AI-Powered Marketing Tools

hologram user interface
Futuristic infographics, online trading, e-commerce, hologram, user interface, internet.                Photo: lidiia/Adobe Stock

As the world edges closer and closer to an always-on internet-connected reality with the emergence of IoT technology, businesses everywhere are coming to grips with the fact that there are more marketing channels to manage than ever before. The only feasible solution is to turn the bulk of the work over to AI-powered marketing systems, using ML to adapt and evolve marketing efforts over time.

Already, such tools are cropping up in all phases of the marketing industry, from social media management to content marketing and all points in between. That, however, is just the beginning. Businesses that have already seen how AI-influenced marketing decisionmaking can help them grow are now looking for ways to turn more of their marketing efforts over to AI-powered solutions. A startup that focuses on delivering an AI solution to enable real-time marketing automation at scale could find itself well-positioned for long term success.

Financial AI Solutions

When startups are seeking an AI or ML market with solid growth prospects, their best bet is to go where the money is – which in this case means to the financial sector itself. AI and ML technology adoption in the world of finance has been so swift and complete that it spawned the whole new business category of fintech. In particular, asset managers are already going all-in on the technology as are hedge funds, financial advisors, and the entire banking sector.

It’s also an industry that has almost inexhaustible resources to pour into worthwhile AI and ML technology, which bodes well for any startup that looks to build solutions for the industry. The size and scope of the sector mean that there’s a near-limitless number of opportunities to be had in the space – and they’re all there for the taking for any savvy entrepreneur who finds an innovative way to capitalize on them.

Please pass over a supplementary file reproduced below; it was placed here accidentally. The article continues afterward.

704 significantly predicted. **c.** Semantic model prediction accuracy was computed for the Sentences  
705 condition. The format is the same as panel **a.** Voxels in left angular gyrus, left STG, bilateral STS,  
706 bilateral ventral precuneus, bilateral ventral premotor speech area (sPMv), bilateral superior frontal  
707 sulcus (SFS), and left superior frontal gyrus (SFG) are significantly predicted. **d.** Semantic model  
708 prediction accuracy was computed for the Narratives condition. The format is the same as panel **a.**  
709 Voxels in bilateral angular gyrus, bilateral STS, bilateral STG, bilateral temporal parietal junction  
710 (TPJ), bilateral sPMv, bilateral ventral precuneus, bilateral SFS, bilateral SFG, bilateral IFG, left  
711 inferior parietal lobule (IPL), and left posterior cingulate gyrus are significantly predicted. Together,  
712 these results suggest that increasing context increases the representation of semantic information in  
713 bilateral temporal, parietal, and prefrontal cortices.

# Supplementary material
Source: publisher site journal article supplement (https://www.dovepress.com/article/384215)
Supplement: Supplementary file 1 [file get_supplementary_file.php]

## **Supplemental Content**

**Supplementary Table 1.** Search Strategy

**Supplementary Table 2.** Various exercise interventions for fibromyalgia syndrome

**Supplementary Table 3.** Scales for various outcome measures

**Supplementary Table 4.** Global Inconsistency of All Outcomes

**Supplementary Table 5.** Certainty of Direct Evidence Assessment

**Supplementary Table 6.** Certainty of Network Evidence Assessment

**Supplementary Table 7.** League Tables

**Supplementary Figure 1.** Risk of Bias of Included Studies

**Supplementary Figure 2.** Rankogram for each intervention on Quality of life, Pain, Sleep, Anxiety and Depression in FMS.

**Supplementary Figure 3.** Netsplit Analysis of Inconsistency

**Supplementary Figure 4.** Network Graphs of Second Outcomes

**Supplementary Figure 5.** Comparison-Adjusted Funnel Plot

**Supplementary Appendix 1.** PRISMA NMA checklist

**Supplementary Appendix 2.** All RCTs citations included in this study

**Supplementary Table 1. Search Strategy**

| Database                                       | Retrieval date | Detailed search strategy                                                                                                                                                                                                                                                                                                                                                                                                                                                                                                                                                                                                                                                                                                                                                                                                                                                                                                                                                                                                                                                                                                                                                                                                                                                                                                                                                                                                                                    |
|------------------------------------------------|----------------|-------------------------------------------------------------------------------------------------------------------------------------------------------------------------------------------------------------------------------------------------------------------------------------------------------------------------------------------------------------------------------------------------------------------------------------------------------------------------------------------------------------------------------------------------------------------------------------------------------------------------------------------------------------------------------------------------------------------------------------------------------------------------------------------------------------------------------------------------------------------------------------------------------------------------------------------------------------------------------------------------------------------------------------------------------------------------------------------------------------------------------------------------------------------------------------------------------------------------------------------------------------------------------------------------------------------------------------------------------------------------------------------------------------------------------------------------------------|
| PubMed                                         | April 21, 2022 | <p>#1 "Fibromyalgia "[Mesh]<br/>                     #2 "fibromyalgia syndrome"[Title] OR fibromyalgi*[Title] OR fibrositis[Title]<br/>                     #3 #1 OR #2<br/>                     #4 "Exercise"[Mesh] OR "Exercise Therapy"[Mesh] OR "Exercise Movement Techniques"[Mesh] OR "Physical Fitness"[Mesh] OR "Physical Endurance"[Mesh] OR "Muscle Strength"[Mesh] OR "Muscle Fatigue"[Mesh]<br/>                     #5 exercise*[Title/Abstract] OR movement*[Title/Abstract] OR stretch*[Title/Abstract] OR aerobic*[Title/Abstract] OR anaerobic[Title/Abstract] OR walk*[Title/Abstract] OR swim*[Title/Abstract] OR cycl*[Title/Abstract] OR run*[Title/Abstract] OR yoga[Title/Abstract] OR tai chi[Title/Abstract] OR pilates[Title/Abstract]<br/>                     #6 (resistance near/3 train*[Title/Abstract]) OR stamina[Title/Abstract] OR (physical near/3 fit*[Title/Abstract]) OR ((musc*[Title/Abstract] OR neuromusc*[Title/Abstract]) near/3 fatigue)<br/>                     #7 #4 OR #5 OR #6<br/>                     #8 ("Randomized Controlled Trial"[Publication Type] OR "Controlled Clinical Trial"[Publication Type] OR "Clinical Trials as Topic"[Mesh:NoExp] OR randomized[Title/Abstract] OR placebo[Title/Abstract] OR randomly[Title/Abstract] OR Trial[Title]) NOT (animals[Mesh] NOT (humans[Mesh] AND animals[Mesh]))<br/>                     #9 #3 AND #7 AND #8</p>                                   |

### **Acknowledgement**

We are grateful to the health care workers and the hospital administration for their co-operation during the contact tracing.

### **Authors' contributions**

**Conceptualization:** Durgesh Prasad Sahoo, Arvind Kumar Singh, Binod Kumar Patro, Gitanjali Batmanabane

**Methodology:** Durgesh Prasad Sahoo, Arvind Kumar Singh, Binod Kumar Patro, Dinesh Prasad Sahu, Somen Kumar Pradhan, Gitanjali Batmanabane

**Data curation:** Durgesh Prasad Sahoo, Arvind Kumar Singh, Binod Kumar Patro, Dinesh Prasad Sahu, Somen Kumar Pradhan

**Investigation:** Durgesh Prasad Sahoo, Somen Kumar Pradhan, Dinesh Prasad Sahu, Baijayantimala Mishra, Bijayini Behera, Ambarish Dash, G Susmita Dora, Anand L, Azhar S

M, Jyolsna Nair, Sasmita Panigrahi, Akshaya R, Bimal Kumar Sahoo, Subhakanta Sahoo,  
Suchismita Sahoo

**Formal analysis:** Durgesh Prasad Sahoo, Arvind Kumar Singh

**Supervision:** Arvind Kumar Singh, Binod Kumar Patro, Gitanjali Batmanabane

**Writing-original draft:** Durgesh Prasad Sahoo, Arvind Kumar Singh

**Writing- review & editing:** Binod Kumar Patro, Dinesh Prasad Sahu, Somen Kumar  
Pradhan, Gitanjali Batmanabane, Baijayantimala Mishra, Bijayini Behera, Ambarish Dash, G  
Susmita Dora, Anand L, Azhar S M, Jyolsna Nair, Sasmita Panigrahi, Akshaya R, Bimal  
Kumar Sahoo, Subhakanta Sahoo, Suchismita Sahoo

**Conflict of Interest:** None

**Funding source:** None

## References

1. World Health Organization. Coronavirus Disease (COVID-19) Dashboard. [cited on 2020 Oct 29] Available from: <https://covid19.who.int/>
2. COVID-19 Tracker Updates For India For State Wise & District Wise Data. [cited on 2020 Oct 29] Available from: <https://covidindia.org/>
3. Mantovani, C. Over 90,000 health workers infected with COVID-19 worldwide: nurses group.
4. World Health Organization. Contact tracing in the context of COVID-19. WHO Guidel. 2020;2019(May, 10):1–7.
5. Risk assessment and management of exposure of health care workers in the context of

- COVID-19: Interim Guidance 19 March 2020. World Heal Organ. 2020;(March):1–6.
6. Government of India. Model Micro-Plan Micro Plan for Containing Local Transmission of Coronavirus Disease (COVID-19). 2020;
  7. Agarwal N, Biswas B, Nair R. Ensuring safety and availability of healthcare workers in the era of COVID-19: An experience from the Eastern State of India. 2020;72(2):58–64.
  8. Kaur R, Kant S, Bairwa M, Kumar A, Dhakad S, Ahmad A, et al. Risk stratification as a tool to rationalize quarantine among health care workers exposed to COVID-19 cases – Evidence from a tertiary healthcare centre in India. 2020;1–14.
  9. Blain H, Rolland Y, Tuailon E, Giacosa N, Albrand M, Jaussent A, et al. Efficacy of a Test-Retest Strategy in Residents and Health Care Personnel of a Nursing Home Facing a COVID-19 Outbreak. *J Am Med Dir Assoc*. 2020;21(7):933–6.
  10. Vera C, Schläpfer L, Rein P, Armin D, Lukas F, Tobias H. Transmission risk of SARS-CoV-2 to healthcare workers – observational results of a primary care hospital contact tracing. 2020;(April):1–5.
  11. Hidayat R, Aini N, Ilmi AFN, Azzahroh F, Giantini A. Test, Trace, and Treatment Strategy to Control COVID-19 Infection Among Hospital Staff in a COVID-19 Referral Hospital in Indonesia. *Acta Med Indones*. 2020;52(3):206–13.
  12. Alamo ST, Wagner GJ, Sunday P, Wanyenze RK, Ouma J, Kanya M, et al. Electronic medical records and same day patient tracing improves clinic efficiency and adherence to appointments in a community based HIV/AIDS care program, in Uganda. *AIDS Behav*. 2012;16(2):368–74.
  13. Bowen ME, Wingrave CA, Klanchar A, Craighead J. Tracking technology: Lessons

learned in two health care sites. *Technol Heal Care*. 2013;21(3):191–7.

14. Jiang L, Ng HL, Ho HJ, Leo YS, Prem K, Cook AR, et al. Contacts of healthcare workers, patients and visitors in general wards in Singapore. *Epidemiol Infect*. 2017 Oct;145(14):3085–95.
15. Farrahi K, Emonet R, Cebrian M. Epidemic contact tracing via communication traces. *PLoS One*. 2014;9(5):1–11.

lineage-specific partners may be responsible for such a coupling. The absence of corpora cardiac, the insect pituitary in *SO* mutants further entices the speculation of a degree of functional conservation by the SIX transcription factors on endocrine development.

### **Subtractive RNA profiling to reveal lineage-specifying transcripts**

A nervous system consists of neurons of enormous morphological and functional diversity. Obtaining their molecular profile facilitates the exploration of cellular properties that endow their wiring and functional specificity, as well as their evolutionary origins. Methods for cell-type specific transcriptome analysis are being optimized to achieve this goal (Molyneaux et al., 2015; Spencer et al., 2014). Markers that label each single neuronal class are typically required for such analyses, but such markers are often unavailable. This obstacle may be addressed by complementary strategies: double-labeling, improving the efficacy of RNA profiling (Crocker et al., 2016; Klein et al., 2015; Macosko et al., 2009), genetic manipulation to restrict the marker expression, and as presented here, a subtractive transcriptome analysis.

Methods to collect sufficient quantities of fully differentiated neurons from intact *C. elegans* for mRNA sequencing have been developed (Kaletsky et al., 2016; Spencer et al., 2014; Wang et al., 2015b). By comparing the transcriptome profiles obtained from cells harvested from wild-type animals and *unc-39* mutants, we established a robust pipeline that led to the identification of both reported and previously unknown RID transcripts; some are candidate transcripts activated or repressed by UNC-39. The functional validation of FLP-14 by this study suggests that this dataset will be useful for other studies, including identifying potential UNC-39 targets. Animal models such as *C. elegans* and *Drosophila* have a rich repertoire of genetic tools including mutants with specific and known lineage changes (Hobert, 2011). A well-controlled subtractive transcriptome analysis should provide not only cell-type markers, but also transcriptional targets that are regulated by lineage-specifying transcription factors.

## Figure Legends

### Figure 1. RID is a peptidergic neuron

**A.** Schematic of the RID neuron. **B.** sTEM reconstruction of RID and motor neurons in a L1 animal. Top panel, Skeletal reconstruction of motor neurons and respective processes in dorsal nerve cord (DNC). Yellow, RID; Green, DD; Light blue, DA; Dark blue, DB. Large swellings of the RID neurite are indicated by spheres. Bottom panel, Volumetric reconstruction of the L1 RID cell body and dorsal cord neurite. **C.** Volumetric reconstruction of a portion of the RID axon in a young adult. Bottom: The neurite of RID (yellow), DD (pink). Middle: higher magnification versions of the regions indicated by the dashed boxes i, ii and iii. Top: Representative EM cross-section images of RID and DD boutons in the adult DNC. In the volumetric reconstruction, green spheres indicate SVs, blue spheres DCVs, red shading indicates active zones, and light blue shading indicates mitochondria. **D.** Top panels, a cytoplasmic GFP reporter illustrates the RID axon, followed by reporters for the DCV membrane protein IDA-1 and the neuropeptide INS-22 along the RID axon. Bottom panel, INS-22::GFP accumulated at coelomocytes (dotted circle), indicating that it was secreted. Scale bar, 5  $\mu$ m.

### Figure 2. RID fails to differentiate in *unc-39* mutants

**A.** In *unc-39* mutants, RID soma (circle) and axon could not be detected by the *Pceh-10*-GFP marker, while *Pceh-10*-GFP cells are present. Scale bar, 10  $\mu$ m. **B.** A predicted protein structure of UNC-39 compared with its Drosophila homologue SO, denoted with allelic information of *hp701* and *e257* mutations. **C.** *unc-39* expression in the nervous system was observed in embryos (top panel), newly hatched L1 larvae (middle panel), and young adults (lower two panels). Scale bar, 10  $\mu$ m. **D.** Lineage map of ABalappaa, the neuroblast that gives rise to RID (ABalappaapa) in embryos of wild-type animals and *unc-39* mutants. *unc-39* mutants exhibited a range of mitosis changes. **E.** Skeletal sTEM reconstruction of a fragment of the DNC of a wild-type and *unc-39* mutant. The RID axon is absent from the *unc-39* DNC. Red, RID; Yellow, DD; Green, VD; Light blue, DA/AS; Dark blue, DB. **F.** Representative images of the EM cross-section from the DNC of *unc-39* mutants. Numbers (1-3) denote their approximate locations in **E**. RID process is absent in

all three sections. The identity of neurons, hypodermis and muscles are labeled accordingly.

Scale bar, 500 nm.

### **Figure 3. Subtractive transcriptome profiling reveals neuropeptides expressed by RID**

Fools Rush In

The bottom line here is that there’s no shortage of opportunities to be had for AI and ML startups, as long as they choose their markets carefully. It’s not a coincidence that analysts are starting to call this the AI gold rush – they’re doing it because the stampede of development will eventually lead to an oversaturated market that can’t sustain the number of startups that it is spawning.

When that happens, only the entrepreneurs that made it a point to work within sectors that have long-term growth prospects will see their startups survive. When the bubble bursts, it won’t be because interest in the technologies has waned, it will be due to two factors – a systemic need to cull underperforming members of the startup herd, and a round of consolidations that will see the best of the bunch scooped up by larger entities.

Startups in the above four sectors will stand a good chance of being part of the latter group. As for those in the former group, I suggest they do some research into the end of the last gold rush for some insight into their ultimate fate.

Andrej Kovacevic

Andrej is a dedicated writer and digital evangelist. He is pursuing an ongoing mission to share the benefits of his years of hard-won expertise with business leaders and marketing professionals everywhere. He is a contributor to a wide range of technology-focused publications, where he may be found discussing everything from neural networks and natural language processing to the latest in smart home IoT devices. If there’s a new and exciting technology, there’s a good chance Andrej is writing about it somewhere out there.

Source: ReadWrite